Boris’s government has in recent months announced a number of housing policies designed to help home buyers and renters. So, now he can act, who will benefit?
Local people who are unable to buy in their home area will be eligible for discounts of 30% ‘in perpetuity’, paid for from developers’ contributions (the Community Infrastructure Levy) through the planning process. Local first time buyers and key workers, such as police or nurses, could benefit.
Such a scheme of discounted open market low cost housing has already been piloted in some areas. However, the secondary legislation is yet to come into force that was required for the government’s 2015 policy. This aimed to build 200,000 homes in England that would be sold at 20% below market value to first time buyers below the age of 40.
An estimated two million renters could afford mortgage payments if they were able to afford a deposit. These households would be helped into property ownership by the introduction of long-term, perhaps even life-time, fixed rate mortgage rates requiring a 5% deposit, in a scheme possibly underwritten by pension funds or other institutional investors. To some degree it could be supported by a scheme similar to Help to Buy that is currently due to end in 2023.
The idea of relaxing the affordability rules has proved contraversial. The Bank of England recently concluded that house price growth in excess of 7% per annum supported by stable wages would lead to a loosening of the lending rules to enable borrowers to access higher loan to value mortgages.
Voluntary Right to Buy
The Voluntary Right to Buy scheme, offering discounts of between 35% and 70% of the value of a property up to £80,900, will be maintained for eligible housing association tenants. A two-year pilot scheme across the Midlands resulted in 529 agreed sales and will be extended to other areas.
The scheme is centrally funded, rather than discounted through the sale of council houses, and has a ‘portability’ element that requires people living in an exempt home to be offered an alternative property. Each home sold is replaced by another at a minimum of affordable (not social) rent although it is not necessarily built in the same area.
The housing secretary announced in August that housing association tenants will have the right to buy 10% equity of their newly built homes, which could be increased in 1% increments, although the impact of this change raised immediate concerns in the sector.
New home building
A target has been set of building one million new homes of any tenure over the next five years to 2025. This is the same number of households currently on the waiting list for council houses.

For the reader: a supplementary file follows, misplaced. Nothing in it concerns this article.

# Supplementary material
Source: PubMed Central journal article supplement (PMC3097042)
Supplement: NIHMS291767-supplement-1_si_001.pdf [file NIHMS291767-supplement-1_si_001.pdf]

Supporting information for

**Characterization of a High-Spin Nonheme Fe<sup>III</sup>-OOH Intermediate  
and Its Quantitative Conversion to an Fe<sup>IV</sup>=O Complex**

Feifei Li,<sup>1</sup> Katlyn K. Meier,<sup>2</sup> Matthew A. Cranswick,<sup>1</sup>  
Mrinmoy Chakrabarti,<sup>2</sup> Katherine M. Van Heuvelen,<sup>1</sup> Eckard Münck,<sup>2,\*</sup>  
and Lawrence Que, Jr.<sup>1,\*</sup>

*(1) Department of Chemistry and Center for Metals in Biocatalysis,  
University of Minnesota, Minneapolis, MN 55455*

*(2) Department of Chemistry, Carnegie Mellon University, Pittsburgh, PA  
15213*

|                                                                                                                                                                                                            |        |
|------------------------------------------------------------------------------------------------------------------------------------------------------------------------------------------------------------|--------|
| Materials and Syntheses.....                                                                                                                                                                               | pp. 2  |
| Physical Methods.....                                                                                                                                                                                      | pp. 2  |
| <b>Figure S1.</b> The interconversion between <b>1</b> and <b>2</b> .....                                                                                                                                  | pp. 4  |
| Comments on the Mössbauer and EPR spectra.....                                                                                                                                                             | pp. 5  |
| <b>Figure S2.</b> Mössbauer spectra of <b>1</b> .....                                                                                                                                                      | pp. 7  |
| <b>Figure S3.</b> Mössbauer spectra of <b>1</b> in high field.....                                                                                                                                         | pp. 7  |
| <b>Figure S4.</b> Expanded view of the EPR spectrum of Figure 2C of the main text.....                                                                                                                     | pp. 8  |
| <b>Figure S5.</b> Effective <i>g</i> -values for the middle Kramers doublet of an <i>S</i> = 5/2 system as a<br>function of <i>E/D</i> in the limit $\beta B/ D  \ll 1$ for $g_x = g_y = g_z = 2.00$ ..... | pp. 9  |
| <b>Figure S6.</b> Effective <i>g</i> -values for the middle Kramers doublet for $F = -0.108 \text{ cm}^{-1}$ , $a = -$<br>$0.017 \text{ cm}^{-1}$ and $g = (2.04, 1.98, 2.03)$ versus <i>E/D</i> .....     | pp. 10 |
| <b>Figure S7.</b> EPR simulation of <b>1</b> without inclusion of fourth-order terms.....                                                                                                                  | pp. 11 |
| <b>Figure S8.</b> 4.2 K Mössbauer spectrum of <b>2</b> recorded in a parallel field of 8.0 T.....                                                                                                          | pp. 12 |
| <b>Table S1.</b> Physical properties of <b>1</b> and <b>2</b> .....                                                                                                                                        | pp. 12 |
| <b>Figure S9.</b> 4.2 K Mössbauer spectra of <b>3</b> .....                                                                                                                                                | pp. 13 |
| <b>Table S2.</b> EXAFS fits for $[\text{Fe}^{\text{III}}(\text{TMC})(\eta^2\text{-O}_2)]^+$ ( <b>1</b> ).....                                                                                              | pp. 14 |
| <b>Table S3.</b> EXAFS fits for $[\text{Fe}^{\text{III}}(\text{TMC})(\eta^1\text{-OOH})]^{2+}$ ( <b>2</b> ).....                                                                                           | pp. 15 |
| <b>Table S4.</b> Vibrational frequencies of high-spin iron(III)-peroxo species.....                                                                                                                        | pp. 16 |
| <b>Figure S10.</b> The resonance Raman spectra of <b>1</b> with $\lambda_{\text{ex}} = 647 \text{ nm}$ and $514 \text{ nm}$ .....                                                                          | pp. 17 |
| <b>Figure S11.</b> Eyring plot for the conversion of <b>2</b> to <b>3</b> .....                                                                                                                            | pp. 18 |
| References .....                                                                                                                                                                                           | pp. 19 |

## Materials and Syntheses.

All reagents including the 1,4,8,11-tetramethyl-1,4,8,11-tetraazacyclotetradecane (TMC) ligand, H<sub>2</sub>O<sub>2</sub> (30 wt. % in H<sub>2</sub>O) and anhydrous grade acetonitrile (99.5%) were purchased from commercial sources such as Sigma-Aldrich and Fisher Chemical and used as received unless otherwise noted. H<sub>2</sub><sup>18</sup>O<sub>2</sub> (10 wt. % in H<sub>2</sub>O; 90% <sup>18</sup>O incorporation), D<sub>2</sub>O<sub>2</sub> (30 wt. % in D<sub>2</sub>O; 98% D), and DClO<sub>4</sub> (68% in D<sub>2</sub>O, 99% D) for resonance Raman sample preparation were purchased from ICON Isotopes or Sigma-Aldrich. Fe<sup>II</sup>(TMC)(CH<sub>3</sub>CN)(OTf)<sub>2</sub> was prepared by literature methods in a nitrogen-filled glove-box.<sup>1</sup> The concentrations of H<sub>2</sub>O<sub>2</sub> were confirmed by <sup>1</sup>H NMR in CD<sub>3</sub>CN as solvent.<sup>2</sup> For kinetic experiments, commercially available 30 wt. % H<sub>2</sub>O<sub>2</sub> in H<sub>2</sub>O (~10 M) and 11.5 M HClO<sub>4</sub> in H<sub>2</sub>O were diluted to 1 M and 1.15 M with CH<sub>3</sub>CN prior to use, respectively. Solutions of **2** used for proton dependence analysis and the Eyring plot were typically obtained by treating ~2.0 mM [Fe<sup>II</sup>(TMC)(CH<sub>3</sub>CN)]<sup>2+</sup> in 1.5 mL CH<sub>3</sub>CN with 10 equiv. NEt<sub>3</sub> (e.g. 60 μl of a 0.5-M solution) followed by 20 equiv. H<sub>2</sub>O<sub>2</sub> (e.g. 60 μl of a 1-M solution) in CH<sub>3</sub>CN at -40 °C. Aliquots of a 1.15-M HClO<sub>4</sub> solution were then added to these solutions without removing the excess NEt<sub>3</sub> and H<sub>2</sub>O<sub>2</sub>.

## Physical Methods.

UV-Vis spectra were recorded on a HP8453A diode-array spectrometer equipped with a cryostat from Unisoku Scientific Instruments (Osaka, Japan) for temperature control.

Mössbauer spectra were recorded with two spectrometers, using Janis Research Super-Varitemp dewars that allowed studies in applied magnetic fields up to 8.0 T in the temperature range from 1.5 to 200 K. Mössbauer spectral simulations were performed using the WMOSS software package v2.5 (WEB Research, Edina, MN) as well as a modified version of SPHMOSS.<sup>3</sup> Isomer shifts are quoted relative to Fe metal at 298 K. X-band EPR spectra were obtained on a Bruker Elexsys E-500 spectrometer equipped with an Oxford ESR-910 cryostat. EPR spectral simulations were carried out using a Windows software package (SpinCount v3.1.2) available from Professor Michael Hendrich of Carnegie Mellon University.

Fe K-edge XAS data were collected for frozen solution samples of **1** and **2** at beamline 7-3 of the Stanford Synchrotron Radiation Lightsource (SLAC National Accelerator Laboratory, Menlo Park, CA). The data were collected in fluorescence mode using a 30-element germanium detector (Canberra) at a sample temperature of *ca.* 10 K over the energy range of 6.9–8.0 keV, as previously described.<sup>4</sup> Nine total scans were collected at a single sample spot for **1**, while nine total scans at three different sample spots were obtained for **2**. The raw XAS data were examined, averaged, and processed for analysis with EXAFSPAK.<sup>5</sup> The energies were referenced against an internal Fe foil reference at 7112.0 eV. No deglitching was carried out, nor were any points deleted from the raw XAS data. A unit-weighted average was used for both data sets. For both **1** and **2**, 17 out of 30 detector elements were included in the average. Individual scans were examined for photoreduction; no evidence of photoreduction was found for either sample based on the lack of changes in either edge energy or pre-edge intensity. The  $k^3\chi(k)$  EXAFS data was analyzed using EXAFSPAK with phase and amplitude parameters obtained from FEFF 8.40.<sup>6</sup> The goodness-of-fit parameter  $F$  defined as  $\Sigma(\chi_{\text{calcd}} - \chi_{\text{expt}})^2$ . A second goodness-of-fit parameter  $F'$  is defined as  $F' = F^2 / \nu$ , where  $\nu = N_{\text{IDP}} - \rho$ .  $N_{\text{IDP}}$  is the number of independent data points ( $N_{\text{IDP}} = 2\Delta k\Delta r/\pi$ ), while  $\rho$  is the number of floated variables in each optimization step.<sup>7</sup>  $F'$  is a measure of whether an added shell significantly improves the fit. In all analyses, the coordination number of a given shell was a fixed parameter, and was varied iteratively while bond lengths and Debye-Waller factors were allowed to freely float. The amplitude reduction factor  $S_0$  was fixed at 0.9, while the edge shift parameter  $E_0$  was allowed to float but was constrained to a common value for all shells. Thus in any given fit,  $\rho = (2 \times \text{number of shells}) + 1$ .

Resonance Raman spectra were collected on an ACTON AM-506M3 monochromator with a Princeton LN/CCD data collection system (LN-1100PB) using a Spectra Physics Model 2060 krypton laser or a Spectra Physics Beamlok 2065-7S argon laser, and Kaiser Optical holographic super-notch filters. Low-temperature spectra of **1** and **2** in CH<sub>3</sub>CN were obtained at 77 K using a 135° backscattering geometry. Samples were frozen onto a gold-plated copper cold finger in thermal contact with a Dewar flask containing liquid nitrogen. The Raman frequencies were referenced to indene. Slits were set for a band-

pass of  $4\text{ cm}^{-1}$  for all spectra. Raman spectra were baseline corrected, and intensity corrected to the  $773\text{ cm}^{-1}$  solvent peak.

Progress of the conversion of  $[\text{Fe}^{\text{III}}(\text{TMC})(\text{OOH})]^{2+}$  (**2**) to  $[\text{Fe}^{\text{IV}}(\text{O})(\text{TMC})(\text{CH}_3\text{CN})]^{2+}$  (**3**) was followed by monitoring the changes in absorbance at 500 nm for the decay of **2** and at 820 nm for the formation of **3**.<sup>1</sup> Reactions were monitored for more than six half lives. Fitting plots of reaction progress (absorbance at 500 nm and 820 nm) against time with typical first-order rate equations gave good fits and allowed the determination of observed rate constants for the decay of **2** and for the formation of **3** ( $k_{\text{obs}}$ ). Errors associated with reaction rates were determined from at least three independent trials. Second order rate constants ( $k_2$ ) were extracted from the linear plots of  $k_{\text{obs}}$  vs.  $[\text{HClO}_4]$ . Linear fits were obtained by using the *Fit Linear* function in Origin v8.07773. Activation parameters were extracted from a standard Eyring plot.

New homes would be built of improved quality and design, and would be environmentally friendly, with lower energy bills and new streets lined with trees. Builders will be ‘encouraged’ to build innovatively designed homes that are more affordable and accessible to the disabled and elderly.
Homes built after 2025 to have low or zero-carbon emissions and energy efficiency at the ‘highest levels’.
Putting infrastructure ahead of new home building, meaning doctor’s surgeries and schools would be built prior to the building of new homes.
Affordable Homes Programme
Renew the Affordable Homes Programme to deliver more affordable homes.
Publish a Social Housing White Paper that was due in spring 2019, to build more social homes and provide greater redress and improved regulations to make social housing better.
The Rough Sleeping Strategy pledged to halve rough sleeping by 2022. There are new proposals to end rough sleeping over the life of the parliament by extending pilot schemes including a Flexible Homelessness Support Grant, Rough Sleeping Initiative and Housing First.
The ‘uncertain and unsettling business’ of renting a property has been targeted. Tenants of private rented property could benefit from a lifetime rental deposit that would allow the transfer of their deposit to a new tenancy when moving home.
Bring an end to ‘no fault evictions’ that prevent renters from challenging their eviction and cut down on rogue landlords through banning orders, the rogue landlord database and HMOs.
While leasehold reform hasn’t recently been mentioned, there has been the suggestion that leasehold tenure on new houses would be banned and ground rents on new leasehold properties would become zero. Existing leaseholds, some of which have doubled in cost every decade, would also be tackled in the review including making it easier for owners of leasehold property to buy their freehold.
A buildings safety regulator will provide support for residents of high-rise buildings for the removal of unsafe cladding. The October data release reported that 318 residential and public-owned buildings were yet to be remediated in England. Around 17,000 households still live in buildings that pose a danger.
A new ‘protection board’ will ensure the safety of buildings built with similar materials to Grenfell, and will be responsible for buildings yet to be made safe.
Local planning authorities would be required to consult with residents to allow communities to decide their own design standards for new developments.
The planning system will be reformed to ensure that homes that are needed are built in the ‘right places’ and make it simpler for ‘the public and small builders’ to build for people already living in an area.
An accelerated White Paper to be introduced to speed up planning process and make it possible to reclaim fees if the council takes too long.
The Housing Revenue Account borrowing cap removed to allow councils to build 10,000 homes a year by 2021/22.